George Santos expelled from Congress in House vote. Here’s what comes next.

Rep. George Santos on Friday was expelled from Congress in an historic vote, following a congressional panel’s findings of substantial evidence of lawbreaking by the New York Republican.

Santos becomes just the sixth lawmaker in U.S. history to be expelled, a move that takes two-thirds of the House of Representatives. The vote was 311-114, with 105 Republicans joining 206 Democrats to remove him.

New York Gov. Kathy Hochul, a Democrat, will have 10 days to schedule a special election for the seat, according to state law.

That contest could result in Democrats picking up another seat in the narrowly divided House, which Republicans now control with 222 members to Democrats’ 213. The nonpartisan Cook Political Report rates the seat “Lean Democrat.”

Read: Congress returns to face big to-do list: Israel and Ukraine aid, possible border or tax deals, and more

A simple majority, or 218 members when no seats are vacant, is required to pass most House legislation.

Santos earlier this month said he would not run for re-election in the wake of a House Ethics panel report. That report said the congressman caused his campaign committee to file false or incomplete reports with the Federal Election Commission, and used campaign funds for personal purposes including Botox treatments and luxury goods.

Now see: George Santos won’t run for re-election after ethics panel finds ‘substantial evidence’ of lawbreaking

The expulsion vote came amid a busy post-Thanksgiving period for Congress, with lawmakers debating President Joe Biden’s $106 billion funding request that includes wartime aid for Israel and Ukraine. Biden is trying to sweeten his pitch for aid for Ukraine by mixing in $14 billion for securing the U.S. southern border in the hope that it will bring more Republicans on board.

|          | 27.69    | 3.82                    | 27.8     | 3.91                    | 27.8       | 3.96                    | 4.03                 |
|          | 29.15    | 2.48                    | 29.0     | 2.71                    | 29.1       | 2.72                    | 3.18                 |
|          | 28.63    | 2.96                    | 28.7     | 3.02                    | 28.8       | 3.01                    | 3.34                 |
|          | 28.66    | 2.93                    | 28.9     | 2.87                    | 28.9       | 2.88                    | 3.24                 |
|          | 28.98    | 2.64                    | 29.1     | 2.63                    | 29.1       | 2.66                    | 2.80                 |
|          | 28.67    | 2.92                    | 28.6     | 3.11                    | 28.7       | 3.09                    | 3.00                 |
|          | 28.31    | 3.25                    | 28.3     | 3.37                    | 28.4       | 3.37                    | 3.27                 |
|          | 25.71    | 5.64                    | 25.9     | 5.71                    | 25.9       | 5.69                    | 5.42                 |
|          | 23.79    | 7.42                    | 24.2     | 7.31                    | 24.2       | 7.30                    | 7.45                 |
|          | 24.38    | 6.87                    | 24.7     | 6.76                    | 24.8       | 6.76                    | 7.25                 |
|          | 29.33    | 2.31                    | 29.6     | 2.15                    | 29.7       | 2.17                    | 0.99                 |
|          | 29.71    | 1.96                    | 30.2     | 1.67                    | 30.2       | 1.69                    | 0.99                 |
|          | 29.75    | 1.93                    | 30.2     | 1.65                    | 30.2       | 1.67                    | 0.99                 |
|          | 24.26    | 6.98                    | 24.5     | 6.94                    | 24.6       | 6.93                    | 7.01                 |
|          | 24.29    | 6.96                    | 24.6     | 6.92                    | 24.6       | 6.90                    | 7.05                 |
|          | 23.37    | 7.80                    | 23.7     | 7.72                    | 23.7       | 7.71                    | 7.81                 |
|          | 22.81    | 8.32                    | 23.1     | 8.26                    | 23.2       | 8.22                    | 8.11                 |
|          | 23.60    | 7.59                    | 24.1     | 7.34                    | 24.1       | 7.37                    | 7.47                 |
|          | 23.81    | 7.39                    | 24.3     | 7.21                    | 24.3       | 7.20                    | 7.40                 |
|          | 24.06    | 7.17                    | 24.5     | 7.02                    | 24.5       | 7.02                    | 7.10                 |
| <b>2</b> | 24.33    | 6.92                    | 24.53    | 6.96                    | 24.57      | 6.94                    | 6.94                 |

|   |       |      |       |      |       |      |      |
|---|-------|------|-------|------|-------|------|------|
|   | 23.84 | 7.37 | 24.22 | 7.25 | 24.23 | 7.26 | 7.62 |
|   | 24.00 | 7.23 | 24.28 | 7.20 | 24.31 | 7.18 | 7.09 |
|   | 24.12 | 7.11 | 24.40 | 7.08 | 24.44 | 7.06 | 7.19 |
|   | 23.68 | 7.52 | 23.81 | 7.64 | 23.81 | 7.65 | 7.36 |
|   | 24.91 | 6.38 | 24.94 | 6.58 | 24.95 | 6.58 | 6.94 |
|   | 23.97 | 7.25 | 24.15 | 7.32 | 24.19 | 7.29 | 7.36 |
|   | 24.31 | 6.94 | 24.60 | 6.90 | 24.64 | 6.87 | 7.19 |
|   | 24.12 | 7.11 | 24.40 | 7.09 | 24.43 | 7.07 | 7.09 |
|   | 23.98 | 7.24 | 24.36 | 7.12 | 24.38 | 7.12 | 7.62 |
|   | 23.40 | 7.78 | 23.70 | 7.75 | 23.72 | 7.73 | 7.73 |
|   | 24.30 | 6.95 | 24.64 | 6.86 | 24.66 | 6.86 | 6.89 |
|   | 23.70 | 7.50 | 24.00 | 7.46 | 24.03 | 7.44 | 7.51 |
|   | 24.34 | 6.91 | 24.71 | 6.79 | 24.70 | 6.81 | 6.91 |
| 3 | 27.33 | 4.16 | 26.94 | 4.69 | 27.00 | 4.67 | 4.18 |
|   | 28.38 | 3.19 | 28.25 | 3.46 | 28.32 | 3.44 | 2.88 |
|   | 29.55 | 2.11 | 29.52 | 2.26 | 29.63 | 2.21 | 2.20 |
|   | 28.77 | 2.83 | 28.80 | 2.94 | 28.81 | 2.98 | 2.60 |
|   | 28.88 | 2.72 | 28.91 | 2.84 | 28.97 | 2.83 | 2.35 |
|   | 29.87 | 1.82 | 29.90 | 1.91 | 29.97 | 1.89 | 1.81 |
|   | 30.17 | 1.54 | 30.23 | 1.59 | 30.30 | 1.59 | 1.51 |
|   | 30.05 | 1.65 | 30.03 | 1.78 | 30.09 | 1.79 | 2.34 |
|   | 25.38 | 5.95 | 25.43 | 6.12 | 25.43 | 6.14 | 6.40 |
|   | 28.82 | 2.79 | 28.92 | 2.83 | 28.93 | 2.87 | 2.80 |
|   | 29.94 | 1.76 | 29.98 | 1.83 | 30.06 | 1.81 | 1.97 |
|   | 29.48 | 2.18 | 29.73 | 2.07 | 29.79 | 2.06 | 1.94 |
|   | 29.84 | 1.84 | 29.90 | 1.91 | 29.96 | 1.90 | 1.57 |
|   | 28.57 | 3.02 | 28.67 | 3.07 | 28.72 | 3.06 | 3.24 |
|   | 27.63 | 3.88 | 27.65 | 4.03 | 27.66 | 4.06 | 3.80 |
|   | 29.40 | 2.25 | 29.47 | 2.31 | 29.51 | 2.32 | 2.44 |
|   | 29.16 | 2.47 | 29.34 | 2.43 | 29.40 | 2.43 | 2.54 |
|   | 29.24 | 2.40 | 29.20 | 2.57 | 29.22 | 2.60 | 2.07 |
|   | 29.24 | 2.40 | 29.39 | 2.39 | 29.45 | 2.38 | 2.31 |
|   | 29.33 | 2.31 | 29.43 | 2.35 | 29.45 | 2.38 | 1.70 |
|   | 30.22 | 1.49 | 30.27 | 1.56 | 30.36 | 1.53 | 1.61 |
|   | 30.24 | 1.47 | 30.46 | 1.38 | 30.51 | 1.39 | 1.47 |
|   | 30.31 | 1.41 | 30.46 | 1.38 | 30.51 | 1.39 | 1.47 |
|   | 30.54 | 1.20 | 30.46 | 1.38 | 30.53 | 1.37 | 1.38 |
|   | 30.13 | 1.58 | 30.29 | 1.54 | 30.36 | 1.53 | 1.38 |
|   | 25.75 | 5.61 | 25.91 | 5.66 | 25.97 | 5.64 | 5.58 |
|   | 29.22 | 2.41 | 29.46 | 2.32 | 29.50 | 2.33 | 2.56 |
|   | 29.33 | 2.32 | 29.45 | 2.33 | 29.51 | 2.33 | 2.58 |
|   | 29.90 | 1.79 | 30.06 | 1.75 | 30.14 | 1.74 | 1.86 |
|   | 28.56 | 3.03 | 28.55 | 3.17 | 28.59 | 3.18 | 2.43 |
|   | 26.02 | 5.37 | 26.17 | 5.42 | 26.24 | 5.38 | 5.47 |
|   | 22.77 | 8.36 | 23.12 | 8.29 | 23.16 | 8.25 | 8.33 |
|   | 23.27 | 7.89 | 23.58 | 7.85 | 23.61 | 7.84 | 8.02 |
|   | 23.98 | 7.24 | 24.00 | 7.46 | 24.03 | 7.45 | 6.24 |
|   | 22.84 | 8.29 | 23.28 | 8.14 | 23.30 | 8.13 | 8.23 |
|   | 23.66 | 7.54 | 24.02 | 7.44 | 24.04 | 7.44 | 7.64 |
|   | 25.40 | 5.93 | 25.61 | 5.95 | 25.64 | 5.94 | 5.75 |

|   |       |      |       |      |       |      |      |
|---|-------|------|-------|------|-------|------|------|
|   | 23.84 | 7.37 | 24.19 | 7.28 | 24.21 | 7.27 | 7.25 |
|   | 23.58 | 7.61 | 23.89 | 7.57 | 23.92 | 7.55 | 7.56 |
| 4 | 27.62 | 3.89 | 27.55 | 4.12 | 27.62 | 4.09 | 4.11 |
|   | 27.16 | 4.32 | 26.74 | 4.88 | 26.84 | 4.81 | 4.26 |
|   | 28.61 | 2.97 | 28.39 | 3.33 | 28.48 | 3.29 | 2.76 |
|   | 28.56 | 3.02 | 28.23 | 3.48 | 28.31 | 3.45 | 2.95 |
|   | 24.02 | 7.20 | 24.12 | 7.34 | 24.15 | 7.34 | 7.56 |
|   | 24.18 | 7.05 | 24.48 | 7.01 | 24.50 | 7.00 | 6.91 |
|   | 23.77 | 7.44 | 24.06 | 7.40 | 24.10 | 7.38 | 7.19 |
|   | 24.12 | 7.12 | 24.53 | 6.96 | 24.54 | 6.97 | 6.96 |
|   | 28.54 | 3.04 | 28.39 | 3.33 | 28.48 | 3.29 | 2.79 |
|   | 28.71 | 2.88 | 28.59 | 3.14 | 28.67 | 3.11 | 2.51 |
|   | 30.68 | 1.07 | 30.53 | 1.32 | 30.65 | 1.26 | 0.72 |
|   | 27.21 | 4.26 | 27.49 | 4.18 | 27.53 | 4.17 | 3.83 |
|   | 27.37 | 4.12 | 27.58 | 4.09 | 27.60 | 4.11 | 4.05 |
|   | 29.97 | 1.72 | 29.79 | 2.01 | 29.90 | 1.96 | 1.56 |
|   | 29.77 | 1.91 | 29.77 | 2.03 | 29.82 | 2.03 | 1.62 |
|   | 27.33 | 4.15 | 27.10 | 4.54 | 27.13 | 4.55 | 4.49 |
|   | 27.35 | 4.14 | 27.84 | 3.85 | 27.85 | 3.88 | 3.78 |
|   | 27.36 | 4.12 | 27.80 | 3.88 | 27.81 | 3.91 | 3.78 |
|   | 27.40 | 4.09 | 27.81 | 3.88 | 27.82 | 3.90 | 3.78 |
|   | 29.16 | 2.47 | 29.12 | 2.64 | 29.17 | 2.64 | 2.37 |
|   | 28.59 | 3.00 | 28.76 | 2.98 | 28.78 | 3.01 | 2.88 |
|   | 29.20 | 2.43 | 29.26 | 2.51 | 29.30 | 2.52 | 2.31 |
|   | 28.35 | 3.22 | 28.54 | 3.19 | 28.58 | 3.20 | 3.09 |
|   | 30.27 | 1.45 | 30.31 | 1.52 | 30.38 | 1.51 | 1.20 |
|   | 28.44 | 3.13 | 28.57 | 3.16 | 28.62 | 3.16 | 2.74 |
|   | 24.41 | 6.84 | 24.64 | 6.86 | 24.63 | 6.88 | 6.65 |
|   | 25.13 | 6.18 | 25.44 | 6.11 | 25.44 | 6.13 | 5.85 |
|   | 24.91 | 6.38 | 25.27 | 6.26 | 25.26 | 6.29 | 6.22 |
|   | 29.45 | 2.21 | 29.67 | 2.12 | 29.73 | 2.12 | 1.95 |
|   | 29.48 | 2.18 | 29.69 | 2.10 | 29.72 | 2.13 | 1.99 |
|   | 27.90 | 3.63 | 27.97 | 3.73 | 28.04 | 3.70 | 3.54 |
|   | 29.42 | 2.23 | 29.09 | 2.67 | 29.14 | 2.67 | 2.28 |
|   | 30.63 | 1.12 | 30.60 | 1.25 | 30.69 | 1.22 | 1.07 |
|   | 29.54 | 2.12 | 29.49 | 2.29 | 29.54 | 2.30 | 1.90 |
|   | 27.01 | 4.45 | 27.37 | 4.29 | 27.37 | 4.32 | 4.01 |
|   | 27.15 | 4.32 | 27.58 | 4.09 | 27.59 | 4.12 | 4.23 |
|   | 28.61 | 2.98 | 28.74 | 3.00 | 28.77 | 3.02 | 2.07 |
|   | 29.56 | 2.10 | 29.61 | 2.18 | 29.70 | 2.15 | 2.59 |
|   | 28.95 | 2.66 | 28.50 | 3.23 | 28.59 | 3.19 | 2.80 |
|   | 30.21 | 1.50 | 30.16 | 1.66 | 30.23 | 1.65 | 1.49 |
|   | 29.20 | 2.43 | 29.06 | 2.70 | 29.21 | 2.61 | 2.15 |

See: Congress returns to face big to-do list: Israel and Ukraine aid, possible border or tax deals, and more

Santos on Thursday remained defiant in the face of the looming vote, criticizing his House colleagues and saying he’s watched them “waste the American people’s time over and over again.”

“This will haunt them in the future where mere allegations are sufficient to have members removed from Congress when duly elected by their people in their respective states and districts,” he said at a news conference on Capitol Hill.

It will be up to local party leaders to select special-election candidates. On the Democratic side, former Rep. Tom Suozzi and former state senator Anna Kaplan have announced bids; while Republicans Mazi Melesa Pilip, a Nassau County legislator, and former J.P. Morgan executive Kellen Curry are potential picks for their party, according to Semafor.

Santos is separately facing charges he stole the identities of donors to his campaign and then used their credit cards to ring up tens of thousands of dollars in unauthorized charges.

Read: Rep. George Santos faces new charges alleging he stole donor IDs, made unauthorized credit-card charges

Expulsion is the sternest form of punishment and has occurred just five times in the history of the House — three times during the Civil War for disloyalty to the Union and twice after convictions on federal charges, most recently in 2002.

Two Democrats — Bobby Scott of Virginia and Nikema Williams of Georgia — voted against expelling Santos, while two other Democrats — Jonathan Jackson of Illinois and Al Green of Texas — voted present.

House Speaker Mike Johnson, a Louisiana Republican, said Santos should not be expelled before a criminal case against him is resolved. Johnson and the three other top House GOP leaders voted for Santos to remain in Congress.      

Victor Reklaitis and the Associated Press contributed

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